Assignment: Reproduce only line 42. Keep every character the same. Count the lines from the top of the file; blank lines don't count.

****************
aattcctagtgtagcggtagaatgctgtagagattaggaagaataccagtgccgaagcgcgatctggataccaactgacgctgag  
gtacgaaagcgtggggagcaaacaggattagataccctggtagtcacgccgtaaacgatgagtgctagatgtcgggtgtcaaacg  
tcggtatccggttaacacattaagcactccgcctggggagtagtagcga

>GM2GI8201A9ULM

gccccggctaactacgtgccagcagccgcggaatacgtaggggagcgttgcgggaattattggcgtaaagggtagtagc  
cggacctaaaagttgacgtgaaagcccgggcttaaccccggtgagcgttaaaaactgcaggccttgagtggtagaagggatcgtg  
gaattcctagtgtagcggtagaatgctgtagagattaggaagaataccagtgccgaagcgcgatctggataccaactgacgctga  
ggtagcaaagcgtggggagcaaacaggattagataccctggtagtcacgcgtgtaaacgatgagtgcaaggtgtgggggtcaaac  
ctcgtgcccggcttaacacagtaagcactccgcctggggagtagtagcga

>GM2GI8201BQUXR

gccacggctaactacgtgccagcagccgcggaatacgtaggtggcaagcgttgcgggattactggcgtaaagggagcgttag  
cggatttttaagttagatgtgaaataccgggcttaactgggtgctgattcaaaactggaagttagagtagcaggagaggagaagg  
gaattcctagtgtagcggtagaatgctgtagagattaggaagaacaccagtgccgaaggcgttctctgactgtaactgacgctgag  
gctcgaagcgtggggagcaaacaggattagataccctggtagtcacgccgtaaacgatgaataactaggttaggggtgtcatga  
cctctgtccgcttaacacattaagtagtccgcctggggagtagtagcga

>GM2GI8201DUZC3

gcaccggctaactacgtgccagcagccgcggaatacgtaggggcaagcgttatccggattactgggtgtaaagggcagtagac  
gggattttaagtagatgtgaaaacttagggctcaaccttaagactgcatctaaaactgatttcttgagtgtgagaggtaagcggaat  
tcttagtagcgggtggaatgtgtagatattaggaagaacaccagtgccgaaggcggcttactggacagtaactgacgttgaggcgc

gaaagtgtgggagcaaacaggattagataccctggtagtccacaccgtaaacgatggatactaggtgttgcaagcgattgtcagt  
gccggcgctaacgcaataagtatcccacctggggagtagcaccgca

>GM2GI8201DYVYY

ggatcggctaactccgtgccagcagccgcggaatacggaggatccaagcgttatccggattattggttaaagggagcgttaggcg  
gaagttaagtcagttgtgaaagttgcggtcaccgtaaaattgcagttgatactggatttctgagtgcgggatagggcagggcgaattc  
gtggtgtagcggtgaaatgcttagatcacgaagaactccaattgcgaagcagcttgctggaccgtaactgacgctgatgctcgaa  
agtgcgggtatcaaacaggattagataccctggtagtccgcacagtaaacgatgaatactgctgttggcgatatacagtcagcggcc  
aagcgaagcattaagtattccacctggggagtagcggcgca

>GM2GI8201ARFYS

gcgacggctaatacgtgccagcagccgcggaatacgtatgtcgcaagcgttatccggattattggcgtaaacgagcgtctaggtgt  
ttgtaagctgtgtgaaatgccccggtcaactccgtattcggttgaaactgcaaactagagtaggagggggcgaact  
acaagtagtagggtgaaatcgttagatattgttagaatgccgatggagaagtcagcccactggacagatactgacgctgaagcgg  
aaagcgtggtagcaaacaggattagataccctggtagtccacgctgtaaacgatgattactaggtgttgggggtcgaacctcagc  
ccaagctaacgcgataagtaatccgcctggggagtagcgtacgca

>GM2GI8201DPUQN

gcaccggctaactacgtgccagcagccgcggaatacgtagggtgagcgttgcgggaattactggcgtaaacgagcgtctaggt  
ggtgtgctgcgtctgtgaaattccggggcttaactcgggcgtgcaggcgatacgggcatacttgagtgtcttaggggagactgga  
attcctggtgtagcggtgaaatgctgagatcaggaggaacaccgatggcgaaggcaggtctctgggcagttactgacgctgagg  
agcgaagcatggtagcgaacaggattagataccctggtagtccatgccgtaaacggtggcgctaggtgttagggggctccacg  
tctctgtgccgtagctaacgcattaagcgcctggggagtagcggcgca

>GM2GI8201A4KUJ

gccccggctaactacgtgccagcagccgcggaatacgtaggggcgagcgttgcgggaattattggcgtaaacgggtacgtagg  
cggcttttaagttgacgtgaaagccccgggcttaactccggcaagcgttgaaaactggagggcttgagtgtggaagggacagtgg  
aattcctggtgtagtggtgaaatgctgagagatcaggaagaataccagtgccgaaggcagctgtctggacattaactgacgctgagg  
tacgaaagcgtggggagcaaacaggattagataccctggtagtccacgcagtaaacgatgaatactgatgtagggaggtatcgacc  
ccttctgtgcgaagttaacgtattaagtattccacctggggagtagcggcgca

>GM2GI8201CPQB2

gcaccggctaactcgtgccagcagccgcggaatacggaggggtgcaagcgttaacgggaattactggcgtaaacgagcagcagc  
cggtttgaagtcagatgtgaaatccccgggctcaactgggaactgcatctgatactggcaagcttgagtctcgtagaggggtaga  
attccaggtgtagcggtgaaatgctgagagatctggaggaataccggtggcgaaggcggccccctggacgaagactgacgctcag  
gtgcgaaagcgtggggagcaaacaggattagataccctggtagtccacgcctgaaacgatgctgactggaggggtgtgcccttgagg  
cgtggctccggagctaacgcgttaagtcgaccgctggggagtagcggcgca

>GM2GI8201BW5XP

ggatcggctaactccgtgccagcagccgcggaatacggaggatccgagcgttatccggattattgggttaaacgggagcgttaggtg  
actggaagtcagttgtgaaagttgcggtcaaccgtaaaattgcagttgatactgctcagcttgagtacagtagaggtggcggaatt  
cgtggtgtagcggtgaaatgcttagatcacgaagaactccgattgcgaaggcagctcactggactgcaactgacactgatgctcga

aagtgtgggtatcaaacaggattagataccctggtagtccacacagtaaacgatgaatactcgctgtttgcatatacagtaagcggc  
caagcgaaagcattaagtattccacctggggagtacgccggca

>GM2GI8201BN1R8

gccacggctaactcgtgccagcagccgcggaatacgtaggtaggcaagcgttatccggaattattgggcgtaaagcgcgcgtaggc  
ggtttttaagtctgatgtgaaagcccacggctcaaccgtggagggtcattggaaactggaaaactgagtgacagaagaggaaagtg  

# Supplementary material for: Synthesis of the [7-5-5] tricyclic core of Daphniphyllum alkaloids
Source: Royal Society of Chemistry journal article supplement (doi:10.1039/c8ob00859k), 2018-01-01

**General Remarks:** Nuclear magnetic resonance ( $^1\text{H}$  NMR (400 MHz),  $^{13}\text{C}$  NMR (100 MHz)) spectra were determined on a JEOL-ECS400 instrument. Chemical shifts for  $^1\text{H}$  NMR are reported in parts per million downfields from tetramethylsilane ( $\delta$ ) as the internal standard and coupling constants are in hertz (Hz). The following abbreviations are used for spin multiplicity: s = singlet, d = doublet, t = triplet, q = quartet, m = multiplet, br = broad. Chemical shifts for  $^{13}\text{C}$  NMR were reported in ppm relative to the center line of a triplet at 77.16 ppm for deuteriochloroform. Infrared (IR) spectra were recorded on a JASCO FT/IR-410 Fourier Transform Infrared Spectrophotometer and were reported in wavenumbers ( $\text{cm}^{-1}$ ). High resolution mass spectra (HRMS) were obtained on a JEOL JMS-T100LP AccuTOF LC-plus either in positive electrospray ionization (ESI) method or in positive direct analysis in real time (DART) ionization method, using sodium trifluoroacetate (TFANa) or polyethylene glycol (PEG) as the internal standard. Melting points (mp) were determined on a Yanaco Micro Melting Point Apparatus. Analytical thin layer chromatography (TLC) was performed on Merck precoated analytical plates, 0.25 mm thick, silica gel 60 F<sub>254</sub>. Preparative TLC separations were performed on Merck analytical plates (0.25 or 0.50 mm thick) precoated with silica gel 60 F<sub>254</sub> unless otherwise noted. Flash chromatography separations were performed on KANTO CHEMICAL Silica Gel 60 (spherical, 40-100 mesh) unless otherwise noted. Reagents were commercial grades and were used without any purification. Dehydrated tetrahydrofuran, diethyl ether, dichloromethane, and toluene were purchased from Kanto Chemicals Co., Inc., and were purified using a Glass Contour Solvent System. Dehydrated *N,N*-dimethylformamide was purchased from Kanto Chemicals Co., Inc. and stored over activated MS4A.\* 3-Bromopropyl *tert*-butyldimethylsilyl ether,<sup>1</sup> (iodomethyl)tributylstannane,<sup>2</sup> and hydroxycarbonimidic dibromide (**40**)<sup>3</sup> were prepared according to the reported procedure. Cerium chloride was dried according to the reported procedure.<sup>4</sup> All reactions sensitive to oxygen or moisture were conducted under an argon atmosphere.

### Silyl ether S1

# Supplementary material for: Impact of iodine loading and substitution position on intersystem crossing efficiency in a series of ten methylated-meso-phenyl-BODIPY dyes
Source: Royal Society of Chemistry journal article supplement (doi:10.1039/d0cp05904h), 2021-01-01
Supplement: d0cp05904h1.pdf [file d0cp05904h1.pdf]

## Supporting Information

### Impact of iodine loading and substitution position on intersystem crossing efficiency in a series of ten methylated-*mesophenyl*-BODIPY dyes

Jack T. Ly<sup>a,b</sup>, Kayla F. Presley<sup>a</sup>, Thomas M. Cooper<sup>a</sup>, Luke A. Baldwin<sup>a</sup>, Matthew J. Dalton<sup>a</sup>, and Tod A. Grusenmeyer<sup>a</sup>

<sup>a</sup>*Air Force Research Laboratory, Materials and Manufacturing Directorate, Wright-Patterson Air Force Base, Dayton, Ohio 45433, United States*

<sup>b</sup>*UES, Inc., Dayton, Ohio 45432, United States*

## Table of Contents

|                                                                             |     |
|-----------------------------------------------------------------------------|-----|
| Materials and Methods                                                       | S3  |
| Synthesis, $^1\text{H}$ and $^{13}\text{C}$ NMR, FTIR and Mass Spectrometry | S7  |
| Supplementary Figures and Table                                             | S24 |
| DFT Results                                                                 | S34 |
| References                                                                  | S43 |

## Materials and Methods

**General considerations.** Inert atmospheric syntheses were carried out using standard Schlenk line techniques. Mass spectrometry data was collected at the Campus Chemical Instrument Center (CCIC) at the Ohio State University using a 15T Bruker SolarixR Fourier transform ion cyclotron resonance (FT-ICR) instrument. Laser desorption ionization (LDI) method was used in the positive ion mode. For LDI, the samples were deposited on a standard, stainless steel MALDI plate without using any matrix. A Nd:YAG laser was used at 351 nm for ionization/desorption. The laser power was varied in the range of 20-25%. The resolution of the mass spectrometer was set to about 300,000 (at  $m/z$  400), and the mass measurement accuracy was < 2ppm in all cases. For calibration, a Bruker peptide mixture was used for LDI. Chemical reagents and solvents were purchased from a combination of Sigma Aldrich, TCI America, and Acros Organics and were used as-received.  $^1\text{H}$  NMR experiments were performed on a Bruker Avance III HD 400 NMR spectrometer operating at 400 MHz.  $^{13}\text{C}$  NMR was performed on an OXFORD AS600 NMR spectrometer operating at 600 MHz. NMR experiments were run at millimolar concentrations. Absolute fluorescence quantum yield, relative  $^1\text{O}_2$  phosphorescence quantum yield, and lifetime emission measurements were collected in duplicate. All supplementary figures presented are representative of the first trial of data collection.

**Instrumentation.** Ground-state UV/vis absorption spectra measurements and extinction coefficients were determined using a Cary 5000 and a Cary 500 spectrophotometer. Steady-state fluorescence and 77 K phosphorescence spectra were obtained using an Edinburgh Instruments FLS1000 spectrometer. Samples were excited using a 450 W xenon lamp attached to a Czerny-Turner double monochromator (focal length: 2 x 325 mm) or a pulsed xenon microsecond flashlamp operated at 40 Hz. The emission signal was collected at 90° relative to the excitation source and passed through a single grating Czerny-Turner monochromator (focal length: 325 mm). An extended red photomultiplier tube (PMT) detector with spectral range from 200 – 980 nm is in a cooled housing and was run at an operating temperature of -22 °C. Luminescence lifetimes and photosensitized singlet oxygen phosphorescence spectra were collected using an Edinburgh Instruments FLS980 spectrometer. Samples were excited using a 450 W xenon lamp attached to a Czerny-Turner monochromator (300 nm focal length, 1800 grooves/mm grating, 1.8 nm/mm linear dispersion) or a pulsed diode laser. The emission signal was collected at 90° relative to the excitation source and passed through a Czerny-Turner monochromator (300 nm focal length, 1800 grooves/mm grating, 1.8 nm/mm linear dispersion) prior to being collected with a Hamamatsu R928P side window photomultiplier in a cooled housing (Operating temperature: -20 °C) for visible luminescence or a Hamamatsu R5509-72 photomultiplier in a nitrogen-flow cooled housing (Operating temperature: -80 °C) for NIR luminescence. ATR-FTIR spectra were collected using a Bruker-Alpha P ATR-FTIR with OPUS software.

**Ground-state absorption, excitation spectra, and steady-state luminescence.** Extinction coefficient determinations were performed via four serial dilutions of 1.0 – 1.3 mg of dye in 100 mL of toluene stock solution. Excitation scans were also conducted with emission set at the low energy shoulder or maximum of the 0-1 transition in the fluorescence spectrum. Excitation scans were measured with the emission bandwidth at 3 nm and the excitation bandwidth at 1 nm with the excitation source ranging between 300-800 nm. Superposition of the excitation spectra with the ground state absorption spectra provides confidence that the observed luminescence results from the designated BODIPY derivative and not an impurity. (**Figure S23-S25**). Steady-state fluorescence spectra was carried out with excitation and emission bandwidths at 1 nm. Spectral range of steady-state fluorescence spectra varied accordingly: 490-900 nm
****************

cggcttttaagttgacgtgaaagccccgggcttaactccggcaagcgttgaaaactggagggcttgagtgtggaagggacagtgg  